Men with little family support find it tough

Men with little family support find it tough
Mr Lee (left), 62, and Mr Tung, 66, survive on CDC grants. Older divorced men or those estranged from their families form a big part of the elderly poor.

Lee Yong Hong, 62, has asthma and other chronic lung problems. But throughout the haze in June this year, he slept out in the open along a corridor near his one-room Housing Board rental flat.

His wife had taken out a personal protection order against him. He claims he spilled hot coffee on her accidentally during a heated argument. She says it was deliberate.

The order has lapsed, but he has still not been allowed to return home. As he settled down for the night one evening last week, pulling out an old folding chair, he said: "I don't have much choice."

The father of a grown-up son receives a cash grant of $300 from the Community Development Council (CDC), which he tops up by working as a rag and bone man.

Earlier this year, he went to a seniors care centre run by NTUC Eldercare near his Lengkok Bahru block looking for food. Centre supervisor Chai Chee Mei linked him with another charity which provides the service.

"If it wasn't for the free food, I would not have enough to eat," he said.

Older divorced men or those like Mr Lee, who are estranged from their families, form a big part of the elderly poor, said Ms Chai.

Her clients include several older men who are unable to work but find it difficult to get assistance because they have children.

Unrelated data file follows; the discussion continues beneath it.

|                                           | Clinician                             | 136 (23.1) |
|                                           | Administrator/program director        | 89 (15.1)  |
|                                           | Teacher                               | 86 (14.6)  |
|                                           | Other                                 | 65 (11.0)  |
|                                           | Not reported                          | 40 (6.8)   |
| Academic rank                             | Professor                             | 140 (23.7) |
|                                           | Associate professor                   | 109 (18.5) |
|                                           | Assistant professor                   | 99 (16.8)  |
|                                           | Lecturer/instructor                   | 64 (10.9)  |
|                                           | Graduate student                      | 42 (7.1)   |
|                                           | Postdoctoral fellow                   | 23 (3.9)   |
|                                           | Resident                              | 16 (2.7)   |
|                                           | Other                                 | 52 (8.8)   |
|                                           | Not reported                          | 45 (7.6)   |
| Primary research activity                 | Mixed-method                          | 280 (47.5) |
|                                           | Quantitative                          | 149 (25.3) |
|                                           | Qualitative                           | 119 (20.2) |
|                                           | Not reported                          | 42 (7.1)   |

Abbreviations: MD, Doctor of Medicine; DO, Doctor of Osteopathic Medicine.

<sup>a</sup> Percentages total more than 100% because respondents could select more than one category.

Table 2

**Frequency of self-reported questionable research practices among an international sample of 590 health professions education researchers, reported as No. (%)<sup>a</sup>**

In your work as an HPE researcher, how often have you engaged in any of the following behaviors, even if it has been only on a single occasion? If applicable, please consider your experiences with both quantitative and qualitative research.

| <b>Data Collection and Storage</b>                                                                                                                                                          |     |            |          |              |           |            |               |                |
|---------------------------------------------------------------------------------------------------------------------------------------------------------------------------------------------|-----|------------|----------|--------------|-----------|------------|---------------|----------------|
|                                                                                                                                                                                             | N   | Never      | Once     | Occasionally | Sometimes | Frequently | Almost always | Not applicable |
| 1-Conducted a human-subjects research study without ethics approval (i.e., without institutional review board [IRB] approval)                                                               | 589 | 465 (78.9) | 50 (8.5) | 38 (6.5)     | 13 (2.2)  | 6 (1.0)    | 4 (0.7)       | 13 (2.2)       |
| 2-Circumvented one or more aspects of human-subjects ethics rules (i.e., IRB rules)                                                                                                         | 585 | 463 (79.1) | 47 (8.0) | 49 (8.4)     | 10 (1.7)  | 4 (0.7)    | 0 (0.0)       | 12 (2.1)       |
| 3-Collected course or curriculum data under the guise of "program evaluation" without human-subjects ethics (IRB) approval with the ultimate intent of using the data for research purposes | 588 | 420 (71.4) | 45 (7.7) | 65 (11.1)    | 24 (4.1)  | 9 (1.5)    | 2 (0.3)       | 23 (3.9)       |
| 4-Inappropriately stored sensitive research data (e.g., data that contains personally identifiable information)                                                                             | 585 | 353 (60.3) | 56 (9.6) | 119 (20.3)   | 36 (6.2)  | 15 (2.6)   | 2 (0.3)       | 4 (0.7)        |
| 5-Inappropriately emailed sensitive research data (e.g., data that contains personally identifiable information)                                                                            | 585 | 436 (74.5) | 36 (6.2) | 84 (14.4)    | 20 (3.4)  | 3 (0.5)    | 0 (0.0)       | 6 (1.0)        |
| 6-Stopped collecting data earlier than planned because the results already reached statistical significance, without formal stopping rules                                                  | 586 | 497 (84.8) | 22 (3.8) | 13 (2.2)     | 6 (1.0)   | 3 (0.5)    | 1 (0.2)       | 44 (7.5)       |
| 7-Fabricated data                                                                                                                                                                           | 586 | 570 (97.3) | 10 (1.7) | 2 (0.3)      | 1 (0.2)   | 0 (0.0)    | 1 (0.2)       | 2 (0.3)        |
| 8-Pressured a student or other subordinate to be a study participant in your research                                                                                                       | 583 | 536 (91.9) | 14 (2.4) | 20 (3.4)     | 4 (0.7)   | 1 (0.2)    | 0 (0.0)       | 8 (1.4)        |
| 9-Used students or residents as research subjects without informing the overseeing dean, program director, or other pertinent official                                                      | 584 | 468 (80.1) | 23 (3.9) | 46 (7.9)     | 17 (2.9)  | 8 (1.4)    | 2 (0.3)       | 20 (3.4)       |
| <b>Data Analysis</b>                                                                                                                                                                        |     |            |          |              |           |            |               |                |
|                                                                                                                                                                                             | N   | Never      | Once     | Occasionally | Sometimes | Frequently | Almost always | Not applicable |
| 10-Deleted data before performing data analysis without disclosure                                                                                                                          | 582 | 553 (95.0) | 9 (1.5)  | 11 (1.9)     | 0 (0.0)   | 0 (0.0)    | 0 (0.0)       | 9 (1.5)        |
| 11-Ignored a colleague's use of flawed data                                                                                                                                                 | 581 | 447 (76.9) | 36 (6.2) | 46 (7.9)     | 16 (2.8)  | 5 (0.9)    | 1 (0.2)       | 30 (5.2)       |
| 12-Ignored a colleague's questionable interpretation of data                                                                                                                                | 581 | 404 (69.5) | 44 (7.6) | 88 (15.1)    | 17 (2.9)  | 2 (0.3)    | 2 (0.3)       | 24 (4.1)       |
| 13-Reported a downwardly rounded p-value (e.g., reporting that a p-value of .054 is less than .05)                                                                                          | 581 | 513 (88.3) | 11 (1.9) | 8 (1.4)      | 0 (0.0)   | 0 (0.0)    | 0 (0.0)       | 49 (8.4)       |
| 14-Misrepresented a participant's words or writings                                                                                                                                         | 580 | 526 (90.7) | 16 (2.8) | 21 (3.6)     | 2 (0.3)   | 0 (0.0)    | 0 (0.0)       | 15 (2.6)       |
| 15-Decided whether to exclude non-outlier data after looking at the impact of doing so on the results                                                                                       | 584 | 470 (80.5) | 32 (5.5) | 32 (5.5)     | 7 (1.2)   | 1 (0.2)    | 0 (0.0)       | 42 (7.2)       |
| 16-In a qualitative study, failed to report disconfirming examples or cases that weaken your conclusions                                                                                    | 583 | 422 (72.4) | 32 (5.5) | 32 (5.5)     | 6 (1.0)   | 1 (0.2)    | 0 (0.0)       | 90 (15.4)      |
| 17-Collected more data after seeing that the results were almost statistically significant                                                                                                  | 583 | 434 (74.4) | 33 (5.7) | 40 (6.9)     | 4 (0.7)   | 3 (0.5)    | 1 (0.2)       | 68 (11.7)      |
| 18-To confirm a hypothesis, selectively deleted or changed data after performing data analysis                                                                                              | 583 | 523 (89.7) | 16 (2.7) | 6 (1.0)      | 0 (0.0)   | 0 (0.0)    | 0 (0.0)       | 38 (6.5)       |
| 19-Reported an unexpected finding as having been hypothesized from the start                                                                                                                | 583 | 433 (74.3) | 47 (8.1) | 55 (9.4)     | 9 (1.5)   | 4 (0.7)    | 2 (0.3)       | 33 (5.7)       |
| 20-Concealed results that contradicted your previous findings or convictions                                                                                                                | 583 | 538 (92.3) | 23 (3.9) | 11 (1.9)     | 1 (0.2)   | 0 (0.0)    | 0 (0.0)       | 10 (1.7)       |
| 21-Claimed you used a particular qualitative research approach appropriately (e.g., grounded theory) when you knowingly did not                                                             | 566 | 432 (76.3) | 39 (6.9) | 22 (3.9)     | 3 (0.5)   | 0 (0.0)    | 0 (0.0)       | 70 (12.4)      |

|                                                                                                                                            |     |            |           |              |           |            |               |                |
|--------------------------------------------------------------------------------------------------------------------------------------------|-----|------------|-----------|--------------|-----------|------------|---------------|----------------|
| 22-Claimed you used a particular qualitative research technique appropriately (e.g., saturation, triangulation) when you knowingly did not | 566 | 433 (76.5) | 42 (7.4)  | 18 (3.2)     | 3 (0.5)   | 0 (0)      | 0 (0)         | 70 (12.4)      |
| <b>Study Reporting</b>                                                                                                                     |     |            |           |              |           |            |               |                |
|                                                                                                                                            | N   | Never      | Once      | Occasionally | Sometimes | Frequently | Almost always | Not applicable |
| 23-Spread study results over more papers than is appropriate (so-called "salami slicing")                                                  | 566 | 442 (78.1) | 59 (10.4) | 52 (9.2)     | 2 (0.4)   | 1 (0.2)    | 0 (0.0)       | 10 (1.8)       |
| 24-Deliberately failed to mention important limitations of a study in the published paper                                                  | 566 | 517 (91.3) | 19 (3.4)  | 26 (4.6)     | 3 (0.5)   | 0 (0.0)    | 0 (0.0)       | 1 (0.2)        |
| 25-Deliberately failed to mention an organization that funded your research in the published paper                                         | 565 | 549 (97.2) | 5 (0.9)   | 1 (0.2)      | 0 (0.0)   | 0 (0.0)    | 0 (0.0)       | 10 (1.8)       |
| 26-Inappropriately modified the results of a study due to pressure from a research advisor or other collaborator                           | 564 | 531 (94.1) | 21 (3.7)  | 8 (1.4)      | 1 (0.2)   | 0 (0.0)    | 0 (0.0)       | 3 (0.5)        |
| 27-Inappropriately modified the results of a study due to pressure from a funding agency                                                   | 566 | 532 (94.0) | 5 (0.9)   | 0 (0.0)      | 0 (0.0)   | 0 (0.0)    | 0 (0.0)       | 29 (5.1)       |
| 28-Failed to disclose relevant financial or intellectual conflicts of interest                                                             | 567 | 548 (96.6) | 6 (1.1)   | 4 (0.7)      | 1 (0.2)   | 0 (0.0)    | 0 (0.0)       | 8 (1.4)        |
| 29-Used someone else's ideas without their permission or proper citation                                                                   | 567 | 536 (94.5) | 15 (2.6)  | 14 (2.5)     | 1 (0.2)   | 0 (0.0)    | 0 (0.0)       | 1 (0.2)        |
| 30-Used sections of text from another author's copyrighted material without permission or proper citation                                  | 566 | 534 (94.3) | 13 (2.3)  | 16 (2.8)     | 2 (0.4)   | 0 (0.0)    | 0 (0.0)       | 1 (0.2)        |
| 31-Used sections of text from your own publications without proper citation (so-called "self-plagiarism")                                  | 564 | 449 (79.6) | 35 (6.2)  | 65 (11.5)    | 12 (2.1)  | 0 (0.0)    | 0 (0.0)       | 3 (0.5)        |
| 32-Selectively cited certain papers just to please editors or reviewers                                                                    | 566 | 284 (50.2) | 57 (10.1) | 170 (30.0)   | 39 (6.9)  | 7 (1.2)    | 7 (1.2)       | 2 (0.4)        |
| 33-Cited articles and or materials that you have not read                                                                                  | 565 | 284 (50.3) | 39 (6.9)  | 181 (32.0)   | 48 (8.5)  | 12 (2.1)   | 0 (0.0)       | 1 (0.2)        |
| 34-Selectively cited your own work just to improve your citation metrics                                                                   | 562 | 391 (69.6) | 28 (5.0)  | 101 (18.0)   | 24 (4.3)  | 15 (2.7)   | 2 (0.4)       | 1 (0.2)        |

Mr Tung Choy Ngon, 66, was living on instant noodles until he began getting free food too.

The former welder, who lost his right arm in a workplace accident in the 1960s, lost his part-time job as a restaurant cleaner early this year because of worsening eyesight.

The father of four let on in Mandarin that he was reluctant to apply for CDC aid as he knew the council would contact his children. "I do not want to bother them," he said.

So there have been days when he lived in the dark, unable to pay the electricity bill.

After being convinced to apply, the CDC now gives him $200 in cash and pays for his rent, conservancy and utilities.

He also gets free food on weekdays and rations. Three of his children - roped in by the CDC - give him $50 each.

Still, what he gets each month is less than the $450 available to someone on public assistance. He lives largely from hand to mouth. In August, before the CDC aid came through, his bank account was down to just $1.

But Mr Tung is not unhappy. "There were times when I had instant noodles for Chinese New Year," he says. "Things have improved since then."


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